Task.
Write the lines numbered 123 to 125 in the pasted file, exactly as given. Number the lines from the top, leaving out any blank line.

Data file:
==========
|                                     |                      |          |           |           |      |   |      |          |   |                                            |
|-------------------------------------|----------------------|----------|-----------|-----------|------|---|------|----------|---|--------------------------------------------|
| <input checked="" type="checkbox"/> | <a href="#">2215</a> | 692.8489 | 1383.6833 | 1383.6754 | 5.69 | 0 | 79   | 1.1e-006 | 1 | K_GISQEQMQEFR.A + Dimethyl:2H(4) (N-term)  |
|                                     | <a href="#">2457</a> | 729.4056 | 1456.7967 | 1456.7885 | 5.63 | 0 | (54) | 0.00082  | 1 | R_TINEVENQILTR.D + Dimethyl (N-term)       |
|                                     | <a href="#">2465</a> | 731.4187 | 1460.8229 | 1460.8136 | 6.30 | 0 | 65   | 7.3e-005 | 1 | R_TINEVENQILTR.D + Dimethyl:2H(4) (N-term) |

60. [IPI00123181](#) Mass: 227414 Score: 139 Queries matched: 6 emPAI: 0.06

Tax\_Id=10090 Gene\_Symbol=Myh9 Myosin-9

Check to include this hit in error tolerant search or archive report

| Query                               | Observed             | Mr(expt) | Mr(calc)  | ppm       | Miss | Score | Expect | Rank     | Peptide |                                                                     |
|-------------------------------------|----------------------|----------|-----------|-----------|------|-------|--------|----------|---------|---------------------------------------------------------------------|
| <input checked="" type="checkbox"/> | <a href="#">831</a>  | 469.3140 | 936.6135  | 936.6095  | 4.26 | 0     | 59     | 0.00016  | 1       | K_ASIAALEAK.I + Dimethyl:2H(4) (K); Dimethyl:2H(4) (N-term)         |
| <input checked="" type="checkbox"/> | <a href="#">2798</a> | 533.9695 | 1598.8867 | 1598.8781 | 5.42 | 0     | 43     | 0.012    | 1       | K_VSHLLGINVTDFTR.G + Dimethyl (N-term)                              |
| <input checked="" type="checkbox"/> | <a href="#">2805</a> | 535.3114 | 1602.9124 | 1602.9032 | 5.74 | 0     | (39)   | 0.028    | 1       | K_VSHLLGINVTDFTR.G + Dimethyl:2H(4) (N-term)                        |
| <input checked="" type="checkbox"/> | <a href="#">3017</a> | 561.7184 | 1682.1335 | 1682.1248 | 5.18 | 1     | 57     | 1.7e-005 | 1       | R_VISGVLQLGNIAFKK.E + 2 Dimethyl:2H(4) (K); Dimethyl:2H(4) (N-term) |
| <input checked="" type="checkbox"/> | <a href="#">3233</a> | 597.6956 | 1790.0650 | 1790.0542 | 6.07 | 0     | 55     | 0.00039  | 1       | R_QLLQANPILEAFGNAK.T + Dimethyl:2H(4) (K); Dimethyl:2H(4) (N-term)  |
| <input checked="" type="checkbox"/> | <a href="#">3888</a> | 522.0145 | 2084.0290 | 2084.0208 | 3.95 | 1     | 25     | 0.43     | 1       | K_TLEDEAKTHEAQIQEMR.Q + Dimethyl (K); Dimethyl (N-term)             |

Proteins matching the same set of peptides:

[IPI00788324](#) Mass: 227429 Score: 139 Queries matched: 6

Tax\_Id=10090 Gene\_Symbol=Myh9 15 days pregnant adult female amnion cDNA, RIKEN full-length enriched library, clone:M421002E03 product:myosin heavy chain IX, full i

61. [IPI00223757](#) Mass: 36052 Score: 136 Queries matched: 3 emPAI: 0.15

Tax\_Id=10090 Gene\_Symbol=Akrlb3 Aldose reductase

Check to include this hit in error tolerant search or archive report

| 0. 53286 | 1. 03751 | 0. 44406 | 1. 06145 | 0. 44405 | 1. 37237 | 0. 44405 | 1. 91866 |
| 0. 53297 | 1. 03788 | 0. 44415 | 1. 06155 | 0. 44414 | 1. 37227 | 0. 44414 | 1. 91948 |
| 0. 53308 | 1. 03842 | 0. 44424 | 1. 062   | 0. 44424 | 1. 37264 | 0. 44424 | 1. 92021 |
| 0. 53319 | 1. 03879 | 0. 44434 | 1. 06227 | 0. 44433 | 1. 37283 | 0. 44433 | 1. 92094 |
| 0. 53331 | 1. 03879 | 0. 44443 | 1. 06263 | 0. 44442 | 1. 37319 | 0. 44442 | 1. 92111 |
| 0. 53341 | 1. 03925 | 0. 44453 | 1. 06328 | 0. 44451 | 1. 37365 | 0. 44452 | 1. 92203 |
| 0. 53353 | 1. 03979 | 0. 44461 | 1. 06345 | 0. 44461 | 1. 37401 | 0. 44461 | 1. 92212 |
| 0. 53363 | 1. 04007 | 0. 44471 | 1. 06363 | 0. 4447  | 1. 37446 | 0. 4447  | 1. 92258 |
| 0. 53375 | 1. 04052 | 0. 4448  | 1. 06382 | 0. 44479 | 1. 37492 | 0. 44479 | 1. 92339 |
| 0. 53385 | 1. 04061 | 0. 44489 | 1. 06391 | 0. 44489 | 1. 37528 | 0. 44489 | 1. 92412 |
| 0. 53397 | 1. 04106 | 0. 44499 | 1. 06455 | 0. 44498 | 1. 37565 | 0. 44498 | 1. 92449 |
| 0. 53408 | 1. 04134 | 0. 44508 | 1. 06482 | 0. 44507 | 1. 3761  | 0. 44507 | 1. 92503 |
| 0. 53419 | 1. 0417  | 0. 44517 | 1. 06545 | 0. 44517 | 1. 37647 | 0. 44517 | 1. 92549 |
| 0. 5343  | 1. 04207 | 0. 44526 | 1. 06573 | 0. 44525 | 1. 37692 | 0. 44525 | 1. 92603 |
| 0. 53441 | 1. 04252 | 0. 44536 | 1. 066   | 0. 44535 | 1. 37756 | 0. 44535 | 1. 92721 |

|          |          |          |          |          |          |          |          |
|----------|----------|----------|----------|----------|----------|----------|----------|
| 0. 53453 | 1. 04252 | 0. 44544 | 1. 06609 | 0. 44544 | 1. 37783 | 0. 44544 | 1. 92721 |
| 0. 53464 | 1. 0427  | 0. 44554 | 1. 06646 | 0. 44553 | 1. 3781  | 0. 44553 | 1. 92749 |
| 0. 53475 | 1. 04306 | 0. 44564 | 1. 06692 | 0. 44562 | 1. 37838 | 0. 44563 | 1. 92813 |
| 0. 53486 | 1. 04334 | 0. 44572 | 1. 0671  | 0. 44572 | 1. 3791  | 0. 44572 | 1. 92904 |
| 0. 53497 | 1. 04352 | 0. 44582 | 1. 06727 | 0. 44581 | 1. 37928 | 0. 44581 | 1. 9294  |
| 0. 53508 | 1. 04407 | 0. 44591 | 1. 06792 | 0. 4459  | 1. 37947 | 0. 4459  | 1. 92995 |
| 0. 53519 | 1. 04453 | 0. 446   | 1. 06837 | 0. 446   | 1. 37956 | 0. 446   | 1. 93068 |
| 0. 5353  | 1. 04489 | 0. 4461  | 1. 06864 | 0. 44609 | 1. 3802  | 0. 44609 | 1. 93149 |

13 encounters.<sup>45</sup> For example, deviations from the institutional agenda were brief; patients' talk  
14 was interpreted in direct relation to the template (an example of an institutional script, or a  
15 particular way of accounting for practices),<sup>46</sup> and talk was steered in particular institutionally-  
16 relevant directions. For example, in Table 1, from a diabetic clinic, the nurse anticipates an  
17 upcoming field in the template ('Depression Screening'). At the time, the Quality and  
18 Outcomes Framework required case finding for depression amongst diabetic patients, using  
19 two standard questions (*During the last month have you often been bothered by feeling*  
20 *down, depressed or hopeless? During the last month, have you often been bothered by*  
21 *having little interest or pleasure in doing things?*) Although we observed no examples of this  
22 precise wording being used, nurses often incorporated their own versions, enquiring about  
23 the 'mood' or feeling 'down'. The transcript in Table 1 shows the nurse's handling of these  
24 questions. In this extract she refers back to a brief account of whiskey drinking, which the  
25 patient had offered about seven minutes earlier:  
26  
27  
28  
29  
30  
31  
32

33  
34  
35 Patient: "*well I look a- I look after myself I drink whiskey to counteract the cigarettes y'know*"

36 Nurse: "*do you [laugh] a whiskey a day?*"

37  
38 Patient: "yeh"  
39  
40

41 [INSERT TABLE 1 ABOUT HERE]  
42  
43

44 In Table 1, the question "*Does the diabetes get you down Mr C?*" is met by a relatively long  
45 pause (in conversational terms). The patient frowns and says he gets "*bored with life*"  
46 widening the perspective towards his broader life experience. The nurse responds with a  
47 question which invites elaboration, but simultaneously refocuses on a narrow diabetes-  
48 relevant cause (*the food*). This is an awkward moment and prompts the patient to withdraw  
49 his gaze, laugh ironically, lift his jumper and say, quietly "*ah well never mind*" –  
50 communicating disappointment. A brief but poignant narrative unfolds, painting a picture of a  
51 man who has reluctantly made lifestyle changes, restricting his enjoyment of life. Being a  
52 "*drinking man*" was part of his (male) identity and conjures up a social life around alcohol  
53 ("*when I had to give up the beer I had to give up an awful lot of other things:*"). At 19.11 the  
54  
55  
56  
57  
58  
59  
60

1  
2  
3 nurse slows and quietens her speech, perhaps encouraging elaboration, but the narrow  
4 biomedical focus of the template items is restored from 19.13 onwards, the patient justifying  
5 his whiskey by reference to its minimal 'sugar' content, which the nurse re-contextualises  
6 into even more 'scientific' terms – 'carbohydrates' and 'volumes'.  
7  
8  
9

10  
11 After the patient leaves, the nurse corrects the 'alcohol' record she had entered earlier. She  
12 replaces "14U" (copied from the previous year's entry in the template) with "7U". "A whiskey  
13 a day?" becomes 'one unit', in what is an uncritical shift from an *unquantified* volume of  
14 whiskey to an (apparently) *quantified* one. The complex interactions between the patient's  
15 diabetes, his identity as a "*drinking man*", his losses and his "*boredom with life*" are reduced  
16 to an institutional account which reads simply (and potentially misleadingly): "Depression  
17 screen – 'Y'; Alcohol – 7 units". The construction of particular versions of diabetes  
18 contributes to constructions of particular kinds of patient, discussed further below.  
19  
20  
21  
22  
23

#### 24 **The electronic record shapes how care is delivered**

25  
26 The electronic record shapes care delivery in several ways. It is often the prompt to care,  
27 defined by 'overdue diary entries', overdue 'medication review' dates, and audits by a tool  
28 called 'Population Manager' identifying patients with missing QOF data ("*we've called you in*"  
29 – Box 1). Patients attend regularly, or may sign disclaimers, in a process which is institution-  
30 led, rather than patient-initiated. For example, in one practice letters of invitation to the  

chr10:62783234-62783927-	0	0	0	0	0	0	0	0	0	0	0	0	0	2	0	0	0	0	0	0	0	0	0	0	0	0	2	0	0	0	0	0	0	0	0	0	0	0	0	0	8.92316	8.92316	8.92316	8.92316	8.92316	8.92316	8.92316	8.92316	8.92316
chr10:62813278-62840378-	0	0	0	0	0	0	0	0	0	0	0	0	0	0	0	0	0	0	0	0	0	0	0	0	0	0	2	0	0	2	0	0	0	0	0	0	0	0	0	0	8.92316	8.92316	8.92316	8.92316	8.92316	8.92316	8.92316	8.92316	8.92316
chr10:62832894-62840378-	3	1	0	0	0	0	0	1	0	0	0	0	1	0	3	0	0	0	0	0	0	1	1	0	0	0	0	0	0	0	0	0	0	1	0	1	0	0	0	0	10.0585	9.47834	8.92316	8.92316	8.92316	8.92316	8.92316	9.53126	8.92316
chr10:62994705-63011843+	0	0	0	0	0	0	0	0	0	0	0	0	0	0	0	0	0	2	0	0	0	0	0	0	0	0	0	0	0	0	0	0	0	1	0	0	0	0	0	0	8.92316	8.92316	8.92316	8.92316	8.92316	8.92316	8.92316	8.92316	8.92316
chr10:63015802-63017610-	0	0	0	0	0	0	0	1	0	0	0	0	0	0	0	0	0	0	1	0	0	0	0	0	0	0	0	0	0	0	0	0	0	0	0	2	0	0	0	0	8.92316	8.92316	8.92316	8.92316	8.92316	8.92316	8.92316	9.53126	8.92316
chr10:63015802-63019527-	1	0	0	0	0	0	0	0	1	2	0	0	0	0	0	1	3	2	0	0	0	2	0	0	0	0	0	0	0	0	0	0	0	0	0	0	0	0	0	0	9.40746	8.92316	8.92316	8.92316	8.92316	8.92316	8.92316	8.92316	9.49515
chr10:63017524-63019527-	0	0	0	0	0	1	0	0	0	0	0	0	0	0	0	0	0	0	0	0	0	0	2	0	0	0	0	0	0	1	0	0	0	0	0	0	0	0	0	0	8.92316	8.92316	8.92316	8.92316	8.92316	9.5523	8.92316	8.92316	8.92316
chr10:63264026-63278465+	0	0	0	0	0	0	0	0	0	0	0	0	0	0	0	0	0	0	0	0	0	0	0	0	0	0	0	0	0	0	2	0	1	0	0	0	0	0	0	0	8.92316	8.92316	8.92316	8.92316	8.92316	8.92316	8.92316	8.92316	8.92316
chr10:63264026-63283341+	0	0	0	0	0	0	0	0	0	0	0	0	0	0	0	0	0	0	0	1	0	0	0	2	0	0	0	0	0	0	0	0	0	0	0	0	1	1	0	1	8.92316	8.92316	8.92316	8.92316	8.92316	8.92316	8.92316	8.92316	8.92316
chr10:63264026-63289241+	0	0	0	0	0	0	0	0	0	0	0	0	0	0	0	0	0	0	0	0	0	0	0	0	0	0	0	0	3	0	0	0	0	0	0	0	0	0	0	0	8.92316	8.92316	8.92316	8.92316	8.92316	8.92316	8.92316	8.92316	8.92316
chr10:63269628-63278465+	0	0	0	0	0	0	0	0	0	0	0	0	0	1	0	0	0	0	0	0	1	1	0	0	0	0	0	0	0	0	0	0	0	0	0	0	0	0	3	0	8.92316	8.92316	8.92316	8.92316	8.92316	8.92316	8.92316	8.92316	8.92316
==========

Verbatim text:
28 called 'Population Manager' identifying patients with missing QOF data ("*we've called you in*"  
29 – Box 1). Patients attend regularly, or may sign disclaimers, in a process which is institution-  
30 led, rather than patient-initiated. For example, in one practice letters of invitation to the  